Growing the Yellow Coneflower
Growing the Yellow Coneflower
When you have the opportunity to see the long slender stems of the yellow coneflower standing four feet tall in a meadow, they certainly leave a lasting impression. These flowers are rigid, delicate, peculiar yet beautiful all rolled into one.
The leaves are quite irregular and often overlooked since they only grow near the stem's bottom. The flowers are daisy-like, perched tall on the end of the stem. They are made up of around 13 drooping, extra-large yellow florets that are reaching for the ground.
The yellow coneflower has a bizarre head that is gray while the flower is young but will turn brown so many people mistake them for brown-eyed Susans. They bloom quite late in the summer for about two months and have little fragrance unless you crush the seeds which smell of anise.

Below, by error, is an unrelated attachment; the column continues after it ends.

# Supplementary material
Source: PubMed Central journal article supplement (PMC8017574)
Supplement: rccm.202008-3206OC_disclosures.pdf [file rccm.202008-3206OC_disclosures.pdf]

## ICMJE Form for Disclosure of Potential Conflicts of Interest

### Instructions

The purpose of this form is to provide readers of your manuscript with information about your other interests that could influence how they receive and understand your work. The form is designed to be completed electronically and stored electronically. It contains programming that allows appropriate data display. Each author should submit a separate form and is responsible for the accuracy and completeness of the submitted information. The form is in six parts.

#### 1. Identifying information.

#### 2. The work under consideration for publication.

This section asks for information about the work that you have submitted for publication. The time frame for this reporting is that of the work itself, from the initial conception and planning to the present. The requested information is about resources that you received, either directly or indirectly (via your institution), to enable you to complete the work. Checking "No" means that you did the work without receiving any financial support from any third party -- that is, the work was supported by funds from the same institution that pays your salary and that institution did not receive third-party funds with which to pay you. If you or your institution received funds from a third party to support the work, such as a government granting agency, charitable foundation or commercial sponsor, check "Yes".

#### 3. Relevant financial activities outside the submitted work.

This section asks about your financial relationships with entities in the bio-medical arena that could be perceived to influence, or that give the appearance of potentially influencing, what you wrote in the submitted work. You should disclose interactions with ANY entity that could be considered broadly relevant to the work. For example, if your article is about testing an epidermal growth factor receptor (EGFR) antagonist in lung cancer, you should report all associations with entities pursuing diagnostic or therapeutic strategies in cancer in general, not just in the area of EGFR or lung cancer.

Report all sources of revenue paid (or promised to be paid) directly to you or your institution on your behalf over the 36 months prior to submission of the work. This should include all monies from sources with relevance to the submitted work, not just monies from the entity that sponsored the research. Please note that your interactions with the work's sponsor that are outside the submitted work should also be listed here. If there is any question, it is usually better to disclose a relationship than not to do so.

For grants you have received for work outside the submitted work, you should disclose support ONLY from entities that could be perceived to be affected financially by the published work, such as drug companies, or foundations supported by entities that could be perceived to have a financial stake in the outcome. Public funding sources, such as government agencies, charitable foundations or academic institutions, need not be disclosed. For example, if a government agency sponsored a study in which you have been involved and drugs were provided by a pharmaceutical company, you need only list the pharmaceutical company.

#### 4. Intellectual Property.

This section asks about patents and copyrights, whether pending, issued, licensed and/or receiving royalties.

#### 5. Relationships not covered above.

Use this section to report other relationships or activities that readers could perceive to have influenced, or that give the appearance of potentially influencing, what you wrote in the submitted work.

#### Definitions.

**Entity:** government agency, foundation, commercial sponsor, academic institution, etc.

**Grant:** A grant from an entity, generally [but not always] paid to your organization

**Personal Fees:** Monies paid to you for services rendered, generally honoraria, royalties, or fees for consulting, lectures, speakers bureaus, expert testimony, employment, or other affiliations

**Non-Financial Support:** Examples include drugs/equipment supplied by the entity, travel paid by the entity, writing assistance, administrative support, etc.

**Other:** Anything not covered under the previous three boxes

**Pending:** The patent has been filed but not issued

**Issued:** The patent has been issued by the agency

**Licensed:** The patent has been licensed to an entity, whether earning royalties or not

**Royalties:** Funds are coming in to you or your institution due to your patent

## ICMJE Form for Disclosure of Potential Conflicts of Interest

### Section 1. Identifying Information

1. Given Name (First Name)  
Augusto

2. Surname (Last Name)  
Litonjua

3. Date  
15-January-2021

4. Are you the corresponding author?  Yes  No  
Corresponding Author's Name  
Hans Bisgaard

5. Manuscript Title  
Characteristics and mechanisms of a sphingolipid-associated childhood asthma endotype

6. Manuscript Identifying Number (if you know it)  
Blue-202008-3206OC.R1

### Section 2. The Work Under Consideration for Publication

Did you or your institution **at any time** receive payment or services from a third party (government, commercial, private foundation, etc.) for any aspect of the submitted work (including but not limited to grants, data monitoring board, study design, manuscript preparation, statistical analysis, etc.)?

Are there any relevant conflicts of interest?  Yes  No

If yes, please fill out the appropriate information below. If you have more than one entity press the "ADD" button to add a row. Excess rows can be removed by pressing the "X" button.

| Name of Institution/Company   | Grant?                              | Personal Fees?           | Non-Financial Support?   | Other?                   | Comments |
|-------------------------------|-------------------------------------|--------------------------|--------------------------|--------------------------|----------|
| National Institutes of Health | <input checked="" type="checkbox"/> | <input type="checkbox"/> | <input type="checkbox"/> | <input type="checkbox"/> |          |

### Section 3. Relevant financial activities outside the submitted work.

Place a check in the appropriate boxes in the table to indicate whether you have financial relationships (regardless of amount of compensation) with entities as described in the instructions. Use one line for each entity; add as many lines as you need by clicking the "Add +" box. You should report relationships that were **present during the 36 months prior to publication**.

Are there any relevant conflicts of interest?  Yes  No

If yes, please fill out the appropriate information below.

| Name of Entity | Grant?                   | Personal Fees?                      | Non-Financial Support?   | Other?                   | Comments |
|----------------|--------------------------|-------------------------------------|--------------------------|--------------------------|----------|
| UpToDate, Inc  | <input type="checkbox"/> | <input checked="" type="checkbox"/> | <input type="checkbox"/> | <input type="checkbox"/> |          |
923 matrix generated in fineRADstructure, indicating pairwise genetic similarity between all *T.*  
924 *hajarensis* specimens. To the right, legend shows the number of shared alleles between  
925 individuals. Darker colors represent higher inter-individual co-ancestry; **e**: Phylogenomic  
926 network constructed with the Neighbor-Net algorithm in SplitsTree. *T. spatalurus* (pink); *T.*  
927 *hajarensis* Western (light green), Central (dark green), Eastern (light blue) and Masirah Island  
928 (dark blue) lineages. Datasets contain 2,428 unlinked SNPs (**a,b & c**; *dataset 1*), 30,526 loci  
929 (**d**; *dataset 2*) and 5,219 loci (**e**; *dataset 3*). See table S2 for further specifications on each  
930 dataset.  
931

The yellow coneflower is capable of growing in dry or moist soils, clay prairies, thickets, woodland borders, limestone glades and along railroads. They are pretty much the happiest in the most undesirable environment.
Any wildflower garden is ideal for the yellow coneflower because they grow incredibly easy and they are a stunning sight, casually blowing in the wind. The last thing you want to do is fuss over these plants because if you do, the flowers will literally flop. This means no fertilizer! Once these plants are established, new seedlings will grow from the preceding crop.
The yellow coneflower is a magnet for green metallic bees, large leaf cutting bees, epeoline cuckoo bees, halictine bees, wasps, beetles, flies and butterflies. Caterpillars from the wavy-lined emerald butterfly and silvery checkerspot butterfly families love to feed on the yellow coneflower.
Additionally, the seeds are eaten by goldfinches and your groundhog friends will enjoy the foliage and stems. The yellow coneflower is not harmful to any animals, birds or insects!
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